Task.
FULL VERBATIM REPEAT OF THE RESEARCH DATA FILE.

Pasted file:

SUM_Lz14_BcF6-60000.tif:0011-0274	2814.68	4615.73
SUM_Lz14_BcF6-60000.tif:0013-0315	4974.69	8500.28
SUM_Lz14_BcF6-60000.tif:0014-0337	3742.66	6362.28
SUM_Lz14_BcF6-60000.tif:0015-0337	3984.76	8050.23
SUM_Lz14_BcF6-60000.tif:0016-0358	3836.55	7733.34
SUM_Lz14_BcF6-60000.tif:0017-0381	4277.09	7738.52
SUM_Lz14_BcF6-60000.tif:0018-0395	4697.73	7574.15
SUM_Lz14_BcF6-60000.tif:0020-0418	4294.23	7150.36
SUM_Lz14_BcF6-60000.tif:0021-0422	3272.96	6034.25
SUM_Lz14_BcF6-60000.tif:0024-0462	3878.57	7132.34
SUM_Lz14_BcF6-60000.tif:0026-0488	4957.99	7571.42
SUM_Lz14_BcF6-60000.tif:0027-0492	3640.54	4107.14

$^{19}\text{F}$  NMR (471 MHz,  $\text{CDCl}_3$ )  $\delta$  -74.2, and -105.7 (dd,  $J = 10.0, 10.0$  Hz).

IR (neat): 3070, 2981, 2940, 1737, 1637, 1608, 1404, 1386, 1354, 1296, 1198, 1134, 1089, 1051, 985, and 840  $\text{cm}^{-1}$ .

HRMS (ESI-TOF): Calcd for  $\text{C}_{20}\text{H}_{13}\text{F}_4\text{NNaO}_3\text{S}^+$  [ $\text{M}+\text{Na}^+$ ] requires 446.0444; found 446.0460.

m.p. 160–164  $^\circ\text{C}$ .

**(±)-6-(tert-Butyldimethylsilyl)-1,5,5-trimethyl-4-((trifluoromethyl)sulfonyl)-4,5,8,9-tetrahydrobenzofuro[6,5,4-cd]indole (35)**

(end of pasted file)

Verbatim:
SUM_Lz14_BcF6-60000.tif:0011-0274	2814.68	4615.73
SUM_Lz14_BcF6-60000.tif:0013-0315	4974.69	8500.28
SUM_Lz14_BcF6-60000.tif:0014-0337	3742.66	6362.28
SUM_Lz14_BcF6-60000.tif:0015-0337	3984.76	8050.23
SUM_Lz14_BcF6-60000.tif:0016-0358	3836.55	7733.34
SUM_Lz14_BcF6-60000.tif:0017-0381	4277.09	7738.52
SUM_Lz14_BcF6-60000.tif:0018-0395	4697.73	7574.15
SUM_Lz14_BcF6-60000.tif:0020-0418	4294.23	7150.36
SUM_Lz14_BcF6-60000.tif:0021-0422	3272.96	6034.25
SUM_Lz14_BcF6-60000.tif:0024-0462	3878.57	7132.34
SUM_Lz14_BcF6-60000.tif:0026-0488	4957.99	7571.42
SUM_Lz14_BcF6-60000.tif:0027-0492	3640.54	4107.14

$^{19}\text{F}$  NMR (471 MHz,  $\text{CDCl}_3$ )  $\delta$  -74.2, and -105.7 (dd,  $J = 10.0, 10.0$  Hz).

IR (neat): 3070, 2981, 2940, 1737, 1637, 1608, 1404, 1386, 1354, 1296, 1198, 1134, 1089, 1051, 985, and 840  $\text{cm}^{-1}$ .

HRMS (ESI-TOF): Calcd for  $\text{C}_{20}\text{H}_{13}\text{F}_4\text{NNaO}_3\text{S}^+$  [ $\text{M}+\text{Na}^+$ ] requires 446.0444; found 446.0460.

m.p. 160–164  $^\circ\text{C}$ .

**(±)-6-(tert-Butyldimethylsilyl)-1,5,5-trimethyl-4-((trifluoromethyl)sulfonyl)-4,5,8,9-tetrahydrobenzofuro[6,5,4-cd]indole (35)**